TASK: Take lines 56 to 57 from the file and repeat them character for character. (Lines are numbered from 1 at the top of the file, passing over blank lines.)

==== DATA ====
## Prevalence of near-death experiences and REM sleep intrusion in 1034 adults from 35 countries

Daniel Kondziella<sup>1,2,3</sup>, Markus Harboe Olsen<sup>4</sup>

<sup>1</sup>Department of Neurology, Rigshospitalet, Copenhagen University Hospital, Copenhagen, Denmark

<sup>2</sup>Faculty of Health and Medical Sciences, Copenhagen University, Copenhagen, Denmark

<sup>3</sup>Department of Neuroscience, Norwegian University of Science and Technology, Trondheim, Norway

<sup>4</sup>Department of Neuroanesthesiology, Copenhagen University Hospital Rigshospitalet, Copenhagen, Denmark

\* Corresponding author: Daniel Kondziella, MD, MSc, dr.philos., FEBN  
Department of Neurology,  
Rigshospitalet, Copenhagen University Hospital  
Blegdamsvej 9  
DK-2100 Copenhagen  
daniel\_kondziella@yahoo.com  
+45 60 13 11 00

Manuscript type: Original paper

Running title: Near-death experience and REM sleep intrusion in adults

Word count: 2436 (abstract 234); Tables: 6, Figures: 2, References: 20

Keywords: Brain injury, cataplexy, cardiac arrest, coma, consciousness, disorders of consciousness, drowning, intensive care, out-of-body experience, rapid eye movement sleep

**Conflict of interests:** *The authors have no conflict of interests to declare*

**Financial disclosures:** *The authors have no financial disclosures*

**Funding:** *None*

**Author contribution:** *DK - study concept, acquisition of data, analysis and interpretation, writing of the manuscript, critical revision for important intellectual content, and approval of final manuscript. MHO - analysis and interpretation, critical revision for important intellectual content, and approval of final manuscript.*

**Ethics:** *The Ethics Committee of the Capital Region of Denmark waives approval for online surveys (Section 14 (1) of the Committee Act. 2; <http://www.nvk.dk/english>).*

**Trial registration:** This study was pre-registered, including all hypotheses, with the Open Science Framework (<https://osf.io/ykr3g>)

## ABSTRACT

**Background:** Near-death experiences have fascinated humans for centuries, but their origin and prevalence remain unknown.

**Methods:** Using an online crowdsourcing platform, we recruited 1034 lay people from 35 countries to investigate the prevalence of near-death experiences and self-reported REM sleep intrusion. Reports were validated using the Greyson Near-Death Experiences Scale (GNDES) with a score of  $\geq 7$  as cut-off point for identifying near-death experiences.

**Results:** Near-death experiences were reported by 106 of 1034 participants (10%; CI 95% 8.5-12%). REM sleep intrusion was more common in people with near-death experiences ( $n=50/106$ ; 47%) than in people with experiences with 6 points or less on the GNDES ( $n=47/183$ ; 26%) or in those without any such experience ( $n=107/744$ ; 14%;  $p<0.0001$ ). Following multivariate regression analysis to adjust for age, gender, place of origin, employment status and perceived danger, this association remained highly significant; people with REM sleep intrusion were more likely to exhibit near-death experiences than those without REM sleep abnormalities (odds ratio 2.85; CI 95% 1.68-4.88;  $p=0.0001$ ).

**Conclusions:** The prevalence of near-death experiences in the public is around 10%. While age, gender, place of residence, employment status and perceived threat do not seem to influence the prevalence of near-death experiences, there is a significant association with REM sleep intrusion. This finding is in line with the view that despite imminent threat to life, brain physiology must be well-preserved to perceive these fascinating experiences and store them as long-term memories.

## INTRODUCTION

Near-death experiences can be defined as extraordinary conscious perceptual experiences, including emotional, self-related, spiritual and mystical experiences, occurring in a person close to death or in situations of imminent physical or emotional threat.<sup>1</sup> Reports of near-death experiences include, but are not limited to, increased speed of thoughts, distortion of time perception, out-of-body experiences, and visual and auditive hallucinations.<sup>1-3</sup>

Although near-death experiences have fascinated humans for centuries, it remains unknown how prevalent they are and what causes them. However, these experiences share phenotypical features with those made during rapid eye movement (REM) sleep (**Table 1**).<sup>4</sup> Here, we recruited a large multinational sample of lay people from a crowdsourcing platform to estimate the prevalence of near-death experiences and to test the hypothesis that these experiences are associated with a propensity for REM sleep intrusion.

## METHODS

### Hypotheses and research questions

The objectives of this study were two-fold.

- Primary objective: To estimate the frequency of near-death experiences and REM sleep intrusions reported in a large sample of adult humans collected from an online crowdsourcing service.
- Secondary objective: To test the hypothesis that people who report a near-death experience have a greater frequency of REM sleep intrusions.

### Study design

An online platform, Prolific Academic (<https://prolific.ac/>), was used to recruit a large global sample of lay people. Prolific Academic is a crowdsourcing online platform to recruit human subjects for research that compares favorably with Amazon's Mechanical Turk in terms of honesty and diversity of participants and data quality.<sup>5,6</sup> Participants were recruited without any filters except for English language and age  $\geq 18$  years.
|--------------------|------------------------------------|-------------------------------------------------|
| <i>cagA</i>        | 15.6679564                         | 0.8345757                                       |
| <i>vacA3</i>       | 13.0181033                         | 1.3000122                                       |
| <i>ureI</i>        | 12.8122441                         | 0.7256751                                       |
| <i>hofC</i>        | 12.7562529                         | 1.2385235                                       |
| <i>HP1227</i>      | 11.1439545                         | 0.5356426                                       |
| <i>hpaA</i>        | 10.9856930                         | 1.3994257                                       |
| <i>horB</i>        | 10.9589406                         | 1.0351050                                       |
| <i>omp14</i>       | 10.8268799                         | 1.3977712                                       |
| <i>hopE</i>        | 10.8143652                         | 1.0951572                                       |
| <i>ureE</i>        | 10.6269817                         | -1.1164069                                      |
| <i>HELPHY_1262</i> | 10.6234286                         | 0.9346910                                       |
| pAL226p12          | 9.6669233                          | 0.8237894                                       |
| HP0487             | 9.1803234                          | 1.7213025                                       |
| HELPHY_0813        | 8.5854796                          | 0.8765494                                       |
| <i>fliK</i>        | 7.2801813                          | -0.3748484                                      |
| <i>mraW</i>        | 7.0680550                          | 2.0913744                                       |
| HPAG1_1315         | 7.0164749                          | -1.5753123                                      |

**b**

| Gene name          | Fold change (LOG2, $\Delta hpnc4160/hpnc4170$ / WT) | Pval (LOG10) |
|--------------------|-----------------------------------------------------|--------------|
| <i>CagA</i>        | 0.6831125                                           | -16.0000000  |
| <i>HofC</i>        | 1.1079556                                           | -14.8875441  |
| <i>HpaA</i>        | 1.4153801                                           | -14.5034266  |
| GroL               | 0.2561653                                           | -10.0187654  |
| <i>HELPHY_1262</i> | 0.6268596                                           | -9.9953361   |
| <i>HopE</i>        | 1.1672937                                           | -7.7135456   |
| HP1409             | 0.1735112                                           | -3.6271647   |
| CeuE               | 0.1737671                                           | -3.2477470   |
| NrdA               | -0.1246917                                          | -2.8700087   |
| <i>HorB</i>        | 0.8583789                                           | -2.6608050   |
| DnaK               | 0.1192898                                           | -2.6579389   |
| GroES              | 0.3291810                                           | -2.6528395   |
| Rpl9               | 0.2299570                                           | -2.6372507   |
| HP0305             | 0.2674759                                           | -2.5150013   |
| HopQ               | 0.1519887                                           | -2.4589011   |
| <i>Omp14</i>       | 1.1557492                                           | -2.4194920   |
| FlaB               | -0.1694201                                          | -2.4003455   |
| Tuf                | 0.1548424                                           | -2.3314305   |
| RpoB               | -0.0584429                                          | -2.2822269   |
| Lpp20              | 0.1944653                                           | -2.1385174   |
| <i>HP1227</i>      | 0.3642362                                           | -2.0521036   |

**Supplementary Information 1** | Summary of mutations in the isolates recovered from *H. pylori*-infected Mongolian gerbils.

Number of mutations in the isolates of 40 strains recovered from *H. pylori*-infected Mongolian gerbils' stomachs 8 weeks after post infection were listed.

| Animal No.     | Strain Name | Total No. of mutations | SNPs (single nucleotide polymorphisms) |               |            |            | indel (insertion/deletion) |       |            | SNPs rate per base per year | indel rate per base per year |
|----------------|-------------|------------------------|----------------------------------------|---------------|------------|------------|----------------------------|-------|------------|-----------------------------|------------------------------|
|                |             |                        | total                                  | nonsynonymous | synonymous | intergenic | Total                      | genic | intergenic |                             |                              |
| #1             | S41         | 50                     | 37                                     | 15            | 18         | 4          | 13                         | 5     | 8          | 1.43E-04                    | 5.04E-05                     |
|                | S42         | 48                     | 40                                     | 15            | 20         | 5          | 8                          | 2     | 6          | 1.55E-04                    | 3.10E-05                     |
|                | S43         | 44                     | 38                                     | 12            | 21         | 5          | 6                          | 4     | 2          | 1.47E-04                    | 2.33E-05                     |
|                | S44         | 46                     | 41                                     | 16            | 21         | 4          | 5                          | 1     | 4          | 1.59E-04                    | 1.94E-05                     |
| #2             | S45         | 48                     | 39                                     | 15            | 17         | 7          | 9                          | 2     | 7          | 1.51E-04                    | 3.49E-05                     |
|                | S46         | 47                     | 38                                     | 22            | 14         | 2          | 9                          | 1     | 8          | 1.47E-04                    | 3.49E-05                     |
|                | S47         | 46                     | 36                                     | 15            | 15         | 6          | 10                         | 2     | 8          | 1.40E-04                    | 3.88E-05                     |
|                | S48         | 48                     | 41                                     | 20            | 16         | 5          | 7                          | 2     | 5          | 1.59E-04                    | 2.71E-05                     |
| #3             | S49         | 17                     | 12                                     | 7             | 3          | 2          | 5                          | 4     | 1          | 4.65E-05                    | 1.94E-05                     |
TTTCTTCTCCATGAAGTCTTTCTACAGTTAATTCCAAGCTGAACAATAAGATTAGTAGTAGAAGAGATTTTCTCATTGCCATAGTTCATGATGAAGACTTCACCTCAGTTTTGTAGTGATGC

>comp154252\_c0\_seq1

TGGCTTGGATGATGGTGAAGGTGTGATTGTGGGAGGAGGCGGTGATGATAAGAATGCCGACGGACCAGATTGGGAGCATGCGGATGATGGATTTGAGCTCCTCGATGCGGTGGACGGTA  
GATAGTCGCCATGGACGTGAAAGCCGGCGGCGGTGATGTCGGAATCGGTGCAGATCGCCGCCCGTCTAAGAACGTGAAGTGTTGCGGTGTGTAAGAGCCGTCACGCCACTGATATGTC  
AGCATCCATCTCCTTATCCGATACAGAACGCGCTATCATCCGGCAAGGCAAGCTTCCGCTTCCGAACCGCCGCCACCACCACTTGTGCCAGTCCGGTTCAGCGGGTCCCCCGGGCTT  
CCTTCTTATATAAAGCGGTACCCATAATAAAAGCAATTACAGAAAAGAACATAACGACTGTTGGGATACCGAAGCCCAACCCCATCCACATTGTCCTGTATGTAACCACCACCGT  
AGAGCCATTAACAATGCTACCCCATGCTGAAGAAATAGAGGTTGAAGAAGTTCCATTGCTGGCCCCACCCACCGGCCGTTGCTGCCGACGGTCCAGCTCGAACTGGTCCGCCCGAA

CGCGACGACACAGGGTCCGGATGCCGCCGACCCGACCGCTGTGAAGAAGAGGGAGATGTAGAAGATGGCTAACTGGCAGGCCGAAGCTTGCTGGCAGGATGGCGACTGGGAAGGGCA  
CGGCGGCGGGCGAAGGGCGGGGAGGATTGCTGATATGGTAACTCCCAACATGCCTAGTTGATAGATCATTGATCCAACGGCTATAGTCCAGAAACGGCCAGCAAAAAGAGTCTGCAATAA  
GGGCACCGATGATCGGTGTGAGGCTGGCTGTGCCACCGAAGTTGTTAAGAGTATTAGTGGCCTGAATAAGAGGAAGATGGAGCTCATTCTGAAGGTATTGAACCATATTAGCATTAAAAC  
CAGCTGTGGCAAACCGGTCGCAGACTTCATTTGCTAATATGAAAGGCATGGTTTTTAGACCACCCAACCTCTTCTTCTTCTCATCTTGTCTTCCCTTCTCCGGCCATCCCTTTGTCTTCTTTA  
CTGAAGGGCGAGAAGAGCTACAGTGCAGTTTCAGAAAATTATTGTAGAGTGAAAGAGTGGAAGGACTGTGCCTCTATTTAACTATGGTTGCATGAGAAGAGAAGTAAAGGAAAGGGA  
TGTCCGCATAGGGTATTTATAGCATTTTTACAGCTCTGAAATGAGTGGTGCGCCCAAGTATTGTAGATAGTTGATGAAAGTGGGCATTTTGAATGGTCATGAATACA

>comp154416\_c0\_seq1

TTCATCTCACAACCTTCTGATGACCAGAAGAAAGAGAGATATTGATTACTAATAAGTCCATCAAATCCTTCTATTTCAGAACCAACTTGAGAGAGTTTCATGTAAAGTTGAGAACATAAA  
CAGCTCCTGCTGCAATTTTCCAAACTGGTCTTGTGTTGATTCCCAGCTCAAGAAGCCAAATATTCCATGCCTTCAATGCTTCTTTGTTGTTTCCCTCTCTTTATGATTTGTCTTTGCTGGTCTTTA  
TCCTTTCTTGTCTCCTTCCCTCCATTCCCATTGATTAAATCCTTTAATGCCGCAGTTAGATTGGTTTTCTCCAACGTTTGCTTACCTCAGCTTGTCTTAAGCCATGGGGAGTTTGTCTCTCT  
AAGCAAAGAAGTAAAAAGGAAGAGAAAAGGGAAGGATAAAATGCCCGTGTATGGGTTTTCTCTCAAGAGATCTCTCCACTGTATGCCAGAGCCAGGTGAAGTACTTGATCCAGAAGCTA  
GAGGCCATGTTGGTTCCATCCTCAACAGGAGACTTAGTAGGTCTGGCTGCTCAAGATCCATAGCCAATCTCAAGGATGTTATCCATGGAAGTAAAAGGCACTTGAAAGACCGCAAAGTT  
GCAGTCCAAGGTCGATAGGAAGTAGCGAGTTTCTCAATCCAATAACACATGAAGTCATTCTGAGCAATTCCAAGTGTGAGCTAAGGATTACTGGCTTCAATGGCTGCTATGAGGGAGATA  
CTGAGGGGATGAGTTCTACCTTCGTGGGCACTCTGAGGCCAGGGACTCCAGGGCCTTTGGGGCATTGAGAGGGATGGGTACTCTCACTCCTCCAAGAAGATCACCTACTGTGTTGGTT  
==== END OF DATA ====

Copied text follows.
| HPAG1_1315         | 7.0164749                          | -1.5753123                                      |

**b**